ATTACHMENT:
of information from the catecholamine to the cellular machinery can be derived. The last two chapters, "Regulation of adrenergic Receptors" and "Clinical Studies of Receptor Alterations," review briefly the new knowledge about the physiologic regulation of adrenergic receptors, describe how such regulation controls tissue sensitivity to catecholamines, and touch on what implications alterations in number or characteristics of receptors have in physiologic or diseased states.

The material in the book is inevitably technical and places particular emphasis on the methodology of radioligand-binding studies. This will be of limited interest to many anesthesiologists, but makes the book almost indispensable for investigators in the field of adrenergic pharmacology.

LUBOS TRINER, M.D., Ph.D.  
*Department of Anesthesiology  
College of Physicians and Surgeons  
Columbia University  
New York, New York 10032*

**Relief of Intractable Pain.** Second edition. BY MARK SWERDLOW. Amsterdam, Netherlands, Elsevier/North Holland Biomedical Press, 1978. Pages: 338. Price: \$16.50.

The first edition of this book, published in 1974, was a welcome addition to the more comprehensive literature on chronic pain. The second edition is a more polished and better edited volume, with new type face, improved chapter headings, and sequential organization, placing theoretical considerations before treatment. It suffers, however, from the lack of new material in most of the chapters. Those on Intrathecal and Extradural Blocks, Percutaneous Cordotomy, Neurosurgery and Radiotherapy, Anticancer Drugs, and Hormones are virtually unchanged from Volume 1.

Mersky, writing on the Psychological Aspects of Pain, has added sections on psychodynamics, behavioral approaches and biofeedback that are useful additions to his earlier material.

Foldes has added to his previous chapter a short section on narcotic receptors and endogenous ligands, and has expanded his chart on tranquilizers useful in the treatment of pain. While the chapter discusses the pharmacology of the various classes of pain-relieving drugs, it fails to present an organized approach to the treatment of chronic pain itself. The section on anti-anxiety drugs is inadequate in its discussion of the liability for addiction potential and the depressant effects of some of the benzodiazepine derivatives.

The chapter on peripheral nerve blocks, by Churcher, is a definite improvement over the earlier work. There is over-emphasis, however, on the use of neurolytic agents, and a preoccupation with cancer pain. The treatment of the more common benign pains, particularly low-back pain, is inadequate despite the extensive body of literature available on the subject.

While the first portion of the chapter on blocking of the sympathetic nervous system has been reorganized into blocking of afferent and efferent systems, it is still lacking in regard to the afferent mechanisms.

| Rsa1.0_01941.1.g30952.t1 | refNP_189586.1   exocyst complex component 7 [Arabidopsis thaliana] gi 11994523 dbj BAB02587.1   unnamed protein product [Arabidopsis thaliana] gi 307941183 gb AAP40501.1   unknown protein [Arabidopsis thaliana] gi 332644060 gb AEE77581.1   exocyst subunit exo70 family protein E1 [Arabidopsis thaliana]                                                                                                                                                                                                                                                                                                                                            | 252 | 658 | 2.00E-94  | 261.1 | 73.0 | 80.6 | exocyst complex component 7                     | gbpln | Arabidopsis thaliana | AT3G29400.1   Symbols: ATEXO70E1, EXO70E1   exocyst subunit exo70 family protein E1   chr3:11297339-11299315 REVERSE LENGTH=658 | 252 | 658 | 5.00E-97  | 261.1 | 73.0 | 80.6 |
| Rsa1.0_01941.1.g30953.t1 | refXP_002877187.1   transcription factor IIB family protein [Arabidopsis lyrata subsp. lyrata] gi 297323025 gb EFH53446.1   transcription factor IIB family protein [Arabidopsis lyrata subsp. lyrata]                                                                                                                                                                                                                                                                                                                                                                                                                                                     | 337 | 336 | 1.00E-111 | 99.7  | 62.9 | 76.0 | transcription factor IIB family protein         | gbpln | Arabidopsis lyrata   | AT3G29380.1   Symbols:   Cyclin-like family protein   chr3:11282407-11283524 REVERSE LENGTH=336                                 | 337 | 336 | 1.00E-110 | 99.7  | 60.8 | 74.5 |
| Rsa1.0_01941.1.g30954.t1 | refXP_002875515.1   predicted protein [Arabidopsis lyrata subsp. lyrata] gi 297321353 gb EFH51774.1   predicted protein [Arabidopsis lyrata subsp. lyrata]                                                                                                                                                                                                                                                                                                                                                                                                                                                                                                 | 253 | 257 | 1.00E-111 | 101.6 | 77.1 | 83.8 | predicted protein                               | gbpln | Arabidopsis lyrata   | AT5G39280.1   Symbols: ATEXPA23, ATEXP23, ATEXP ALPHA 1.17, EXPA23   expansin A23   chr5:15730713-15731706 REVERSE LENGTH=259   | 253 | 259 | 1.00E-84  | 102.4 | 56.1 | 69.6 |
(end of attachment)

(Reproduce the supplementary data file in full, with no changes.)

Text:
of information from the catecholamine to the cellular machinery can be derived. The last two chapters, "Regulation of adrenergic Receptors" and "Clinical Studies of Receptor Alterations," review briefly the new knowledge about the physiologic regulation of adrenergic receptors, describe how such regulation controls tissue sensitivity to catecholamines, and touch on what implications alterations in number or characteristics of receptors have in physiologic or diseased states.

The material in the book is inevitably technical and places particular emphasis on the methodology of radioligand-binding studies. This will be of limited interest to many anesthesiologists, but makes the book almost indispensable for investigators in the field of adrenergic pharmacology.

LUBOS TRINER, M.D., Ph.D.  
*Department of Anesthesiology  
College of Physicians and Surgeons  
Columbia University  
New York, New York 10032*

**Relief of Intractable Pain.** Second edition. BY MARK SWERDLOW. Amsterdam, Netherlands, Elsevier/North Holland Biomedical Press, 1978. Pages: 338. Price: \$16.50.

The first edition of this book, published in 1974, was a welcome addition to the more comprehensive literature on chronic pain. The second edition is a more polished and better edited volume, with new type face, improved chapter headings, and sequential organization, placing theoretical considerations before treatment. It suffers, however, from the lack of new material in most of the chapters. Those on Intrathecal and Extradural Blocks, Percutaneous Cordotomy, Neurosurgery and Radiotherapy, Anticancer Drugs, and Hormones are virtually unchanged from Volume 1.

Mersky, writing on the Psychological Aspects of Pain, has added sections on psychodynamics, behavioral approaches and biofeedback that are useful additions to his earlier material.

Foldes has added to his previous chapter a short section on narcotic receptors and endogenous ligands, and has expanded his chart on tranquilizers useful in the treatment of pain. While the chapter discusses the pharmacology of the various classes of pain-relieving drugs, it fails to present an organized approach to the treatment of chronic pain itself. The section on anti-anxiety drugs is inadequate in its discussion of the liability for addiction potential and the depressant effects of some of the benzodiazepine derivatives.

The chapter on peripheral nerve blocks, by Churcher, is a definite improvement over the earlier work. There is over-emphasis, however, on the use of neurolytic agents, and a preoccupation with cancer pain. The treatment of the more common benign pains, particularly low-back pain, is inadequate despite the extensive body of literature available on the subject.

While the first portion of the chapter on blocking of the sympathetic nervous system has been reorganized into blocking of afferent and efferent systems, it is still lacking in regard to the afferent mechanisms.

| Rsa1.0_01941.1.g30952.t1 | refNP_189586.1   exocyst complex component 7 [Arabidopsis thaliana] gi 11994523 dbj BAB02587.1   unnamed protein product [Arabidopsis thaliana] gi 307941183 gb AAP40501.1   unknown protein [Arabidopsis thaliana] gi 332644060 gb AEE77581.1   exocyst subunit exo70 family protein E1 [Arabidopsis thaliana]                                                                                                                                                                                                                                                                                                                                            | 252 | 658 | 2.00E-94  | 261.1 | 73.0 | 80.6 | exocyst complex component 7                     | gbpln | Arabidopsis thaliana | AT3G29400.1   Symbols: ATEXO70E1, EXO70E1   exocyst subunit exo70 family protein E1   chr3:11297339-11299315 REVERSE LENGTH=658 | 252 | 658 | 5.00E-97  | 261.1 | 73.0 | 80.6 |
| Rsa1.0_01941.1.g30953.t1 | refXP_002877187.1   transcription factor IIB family protein [Arabidopsis lyrata subsp. lyrata] gi 297323025 gb EFH53446.1   transcription factor IIB family protein [Arabidopsis lyrata subsp. lyrata]                                                                                                                                                                                                                                                                                                                                                                                                                                                     | 337 | 336 | 1.00E-111 | 99.7  | 62.9 | 76.0 | transcription factor IIB family protein         | gbpln | Arabidopsis lyrata   | AT3G29380.1   Symbols:   Cyclin-like family protein   chr3:11282407-11283524 REVERSE LENGTH=336                                 | 337 | 336 | 1.00E-110 | 99.7  | 60.8 | 74.5 |
| Rsa1.0_01941.1.g30954.t1 | refXP_002875515.1   predicted protein [Arabidopsis lyrata subsp. lyrata] gi 297321353 gb EFH51774.1   predicted protein [Arabidopsis lyrata subsp. lyrata]                                                                                                                                                                                                                                                                                                                                                                                                                                                                                                 | 253 | 257 | 1.00E-111 | 101.6 | 77.1 | 83.8 | predicted protein                               | gbpln | Arabidopsis lyrata   | AT5G39280.1   Symbols: ATEXPA23, ATEXP23, ATEXP ALPHA 1.17, EXPA23   expansin A23   chr5:15730713-15731706 REVERSE LENGTH=259   | 253 | 259 | 1.00E-84  | 102.4 | 56.1 | 69.6 |